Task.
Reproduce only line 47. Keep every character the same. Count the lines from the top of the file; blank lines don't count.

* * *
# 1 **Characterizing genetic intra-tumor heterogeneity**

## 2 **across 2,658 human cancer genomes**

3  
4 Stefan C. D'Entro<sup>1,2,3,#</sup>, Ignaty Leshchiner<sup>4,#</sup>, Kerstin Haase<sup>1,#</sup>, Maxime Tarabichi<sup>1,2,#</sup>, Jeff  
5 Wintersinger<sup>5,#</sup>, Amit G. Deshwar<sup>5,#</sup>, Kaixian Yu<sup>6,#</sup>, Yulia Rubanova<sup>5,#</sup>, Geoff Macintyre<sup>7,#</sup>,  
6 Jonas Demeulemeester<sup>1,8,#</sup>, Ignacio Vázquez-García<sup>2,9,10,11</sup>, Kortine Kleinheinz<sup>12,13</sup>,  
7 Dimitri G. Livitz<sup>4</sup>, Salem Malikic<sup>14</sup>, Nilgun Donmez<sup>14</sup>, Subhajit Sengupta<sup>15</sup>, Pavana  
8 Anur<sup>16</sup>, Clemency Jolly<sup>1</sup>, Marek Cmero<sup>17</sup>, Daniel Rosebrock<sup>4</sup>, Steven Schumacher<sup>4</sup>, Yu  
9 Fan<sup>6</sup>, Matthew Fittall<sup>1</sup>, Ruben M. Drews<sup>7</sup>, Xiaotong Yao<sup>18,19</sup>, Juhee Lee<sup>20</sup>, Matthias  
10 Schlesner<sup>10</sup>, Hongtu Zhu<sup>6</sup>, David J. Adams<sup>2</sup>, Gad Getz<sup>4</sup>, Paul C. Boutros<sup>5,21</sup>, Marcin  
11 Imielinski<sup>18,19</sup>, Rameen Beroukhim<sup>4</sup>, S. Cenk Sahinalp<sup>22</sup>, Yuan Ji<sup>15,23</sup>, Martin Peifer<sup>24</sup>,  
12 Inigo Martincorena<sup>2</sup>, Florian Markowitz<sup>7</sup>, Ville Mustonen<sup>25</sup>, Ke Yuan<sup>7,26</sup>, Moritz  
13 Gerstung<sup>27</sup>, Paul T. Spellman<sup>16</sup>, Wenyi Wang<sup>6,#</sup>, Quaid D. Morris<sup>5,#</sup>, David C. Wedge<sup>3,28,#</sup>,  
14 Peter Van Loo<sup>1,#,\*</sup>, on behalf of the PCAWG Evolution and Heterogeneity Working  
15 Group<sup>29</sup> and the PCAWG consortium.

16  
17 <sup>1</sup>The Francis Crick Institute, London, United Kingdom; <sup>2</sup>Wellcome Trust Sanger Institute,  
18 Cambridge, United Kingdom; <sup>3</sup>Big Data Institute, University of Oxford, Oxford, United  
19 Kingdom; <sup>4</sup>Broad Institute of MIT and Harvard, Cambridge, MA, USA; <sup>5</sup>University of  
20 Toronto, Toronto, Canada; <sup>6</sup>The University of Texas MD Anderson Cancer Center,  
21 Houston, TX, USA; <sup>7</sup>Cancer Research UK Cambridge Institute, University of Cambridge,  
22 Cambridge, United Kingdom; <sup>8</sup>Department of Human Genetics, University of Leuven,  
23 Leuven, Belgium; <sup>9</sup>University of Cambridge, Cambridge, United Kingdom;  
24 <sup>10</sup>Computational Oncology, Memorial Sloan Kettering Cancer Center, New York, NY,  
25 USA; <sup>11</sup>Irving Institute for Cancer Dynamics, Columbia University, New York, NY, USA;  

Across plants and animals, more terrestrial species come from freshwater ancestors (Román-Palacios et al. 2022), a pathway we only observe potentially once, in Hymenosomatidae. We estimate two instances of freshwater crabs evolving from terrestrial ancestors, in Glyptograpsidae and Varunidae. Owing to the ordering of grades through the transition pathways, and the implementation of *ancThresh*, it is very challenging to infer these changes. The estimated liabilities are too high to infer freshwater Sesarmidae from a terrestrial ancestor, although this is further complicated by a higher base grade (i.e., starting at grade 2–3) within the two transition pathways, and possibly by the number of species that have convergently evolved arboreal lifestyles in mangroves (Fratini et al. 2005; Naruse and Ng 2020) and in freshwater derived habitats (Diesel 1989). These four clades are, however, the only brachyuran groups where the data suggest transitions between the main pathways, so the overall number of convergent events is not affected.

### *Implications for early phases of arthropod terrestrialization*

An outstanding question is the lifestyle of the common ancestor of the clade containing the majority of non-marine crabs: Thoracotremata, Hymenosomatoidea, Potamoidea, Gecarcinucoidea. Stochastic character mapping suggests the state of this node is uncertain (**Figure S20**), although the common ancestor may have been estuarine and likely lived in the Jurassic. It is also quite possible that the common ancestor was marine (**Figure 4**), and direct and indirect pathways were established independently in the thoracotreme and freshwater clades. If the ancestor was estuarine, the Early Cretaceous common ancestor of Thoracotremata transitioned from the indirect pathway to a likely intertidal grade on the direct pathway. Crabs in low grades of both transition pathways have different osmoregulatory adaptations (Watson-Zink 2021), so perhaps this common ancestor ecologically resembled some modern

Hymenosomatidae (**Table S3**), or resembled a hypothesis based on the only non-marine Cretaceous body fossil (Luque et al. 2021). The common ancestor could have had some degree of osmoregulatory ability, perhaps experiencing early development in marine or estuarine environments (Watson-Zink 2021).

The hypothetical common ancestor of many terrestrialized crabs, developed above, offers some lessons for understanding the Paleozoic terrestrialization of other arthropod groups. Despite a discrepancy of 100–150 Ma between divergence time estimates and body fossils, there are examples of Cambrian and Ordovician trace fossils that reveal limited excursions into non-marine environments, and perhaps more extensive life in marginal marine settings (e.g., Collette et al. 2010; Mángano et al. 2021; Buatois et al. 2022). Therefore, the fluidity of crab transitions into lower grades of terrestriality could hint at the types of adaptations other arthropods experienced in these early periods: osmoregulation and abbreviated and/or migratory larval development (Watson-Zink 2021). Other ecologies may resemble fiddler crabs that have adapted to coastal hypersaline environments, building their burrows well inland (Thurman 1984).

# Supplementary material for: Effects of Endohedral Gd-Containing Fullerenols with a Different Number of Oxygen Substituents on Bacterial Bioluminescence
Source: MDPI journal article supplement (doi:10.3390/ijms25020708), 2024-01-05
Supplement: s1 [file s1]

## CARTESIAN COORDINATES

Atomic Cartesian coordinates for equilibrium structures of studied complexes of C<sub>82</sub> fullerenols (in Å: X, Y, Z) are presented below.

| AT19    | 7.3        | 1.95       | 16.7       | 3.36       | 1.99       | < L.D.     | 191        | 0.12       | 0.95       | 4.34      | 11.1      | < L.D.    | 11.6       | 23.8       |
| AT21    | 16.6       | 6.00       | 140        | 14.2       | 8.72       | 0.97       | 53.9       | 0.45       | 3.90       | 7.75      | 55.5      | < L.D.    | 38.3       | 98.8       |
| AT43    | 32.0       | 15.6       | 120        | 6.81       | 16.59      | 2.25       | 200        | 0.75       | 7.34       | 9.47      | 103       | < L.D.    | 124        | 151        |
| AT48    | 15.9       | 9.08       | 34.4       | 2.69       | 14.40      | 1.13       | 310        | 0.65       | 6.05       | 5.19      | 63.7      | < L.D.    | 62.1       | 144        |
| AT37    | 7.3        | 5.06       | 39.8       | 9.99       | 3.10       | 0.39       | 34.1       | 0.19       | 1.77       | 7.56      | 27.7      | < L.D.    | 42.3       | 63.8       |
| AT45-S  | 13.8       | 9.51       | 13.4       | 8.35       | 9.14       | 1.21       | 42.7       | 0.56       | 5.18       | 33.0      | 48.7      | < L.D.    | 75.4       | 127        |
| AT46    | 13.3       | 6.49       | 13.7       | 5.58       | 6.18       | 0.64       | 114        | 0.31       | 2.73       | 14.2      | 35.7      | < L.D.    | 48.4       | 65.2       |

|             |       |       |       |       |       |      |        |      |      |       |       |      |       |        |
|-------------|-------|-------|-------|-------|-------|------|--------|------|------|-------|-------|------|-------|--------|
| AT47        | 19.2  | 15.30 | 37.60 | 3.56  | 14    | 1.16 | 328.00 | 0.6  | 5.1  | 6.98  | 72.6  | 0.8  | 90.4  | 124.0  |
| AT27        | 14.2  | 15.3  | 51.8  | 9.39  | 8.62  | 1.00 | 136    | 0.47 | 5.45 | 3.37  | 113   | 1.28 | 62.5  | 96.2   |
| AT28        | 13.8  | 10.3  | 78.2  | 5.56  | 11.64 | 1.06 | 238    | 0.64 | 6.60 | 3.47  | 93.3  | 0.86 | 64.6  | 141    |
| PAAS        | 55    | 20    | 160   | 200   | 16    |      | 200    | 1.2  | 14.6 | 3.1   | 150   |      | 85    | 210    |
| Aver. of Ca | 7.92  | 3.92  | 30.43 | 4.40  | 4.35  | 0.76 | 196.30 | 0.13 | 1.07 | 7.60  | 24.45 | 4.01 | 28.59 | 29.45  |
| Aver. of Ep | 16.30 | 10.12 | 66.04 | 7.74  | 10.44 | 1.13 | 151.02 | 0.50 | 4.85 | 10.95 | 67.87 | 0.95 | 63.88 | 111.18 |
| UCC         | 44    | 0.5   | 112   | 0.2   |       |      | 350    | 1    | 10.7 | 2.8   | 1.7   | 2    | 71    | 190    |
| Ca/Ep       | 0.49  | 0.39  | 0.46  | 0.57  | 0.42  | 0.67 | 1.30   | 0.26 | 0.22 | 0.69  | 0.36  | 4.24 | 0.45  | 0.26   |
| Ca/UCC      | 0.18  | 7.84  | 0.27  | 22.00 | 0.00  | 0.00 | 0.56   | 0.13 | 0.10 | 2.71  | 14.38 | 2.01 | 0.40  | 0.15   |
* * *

| AT28        | 13.8  | 10.3  | 78.2  | 5.56  | 11.64 | 1.06 | 238    | 0.64 | 6.60 | 3.47  | 93.3  | 0.86 | 64.6  | 141    |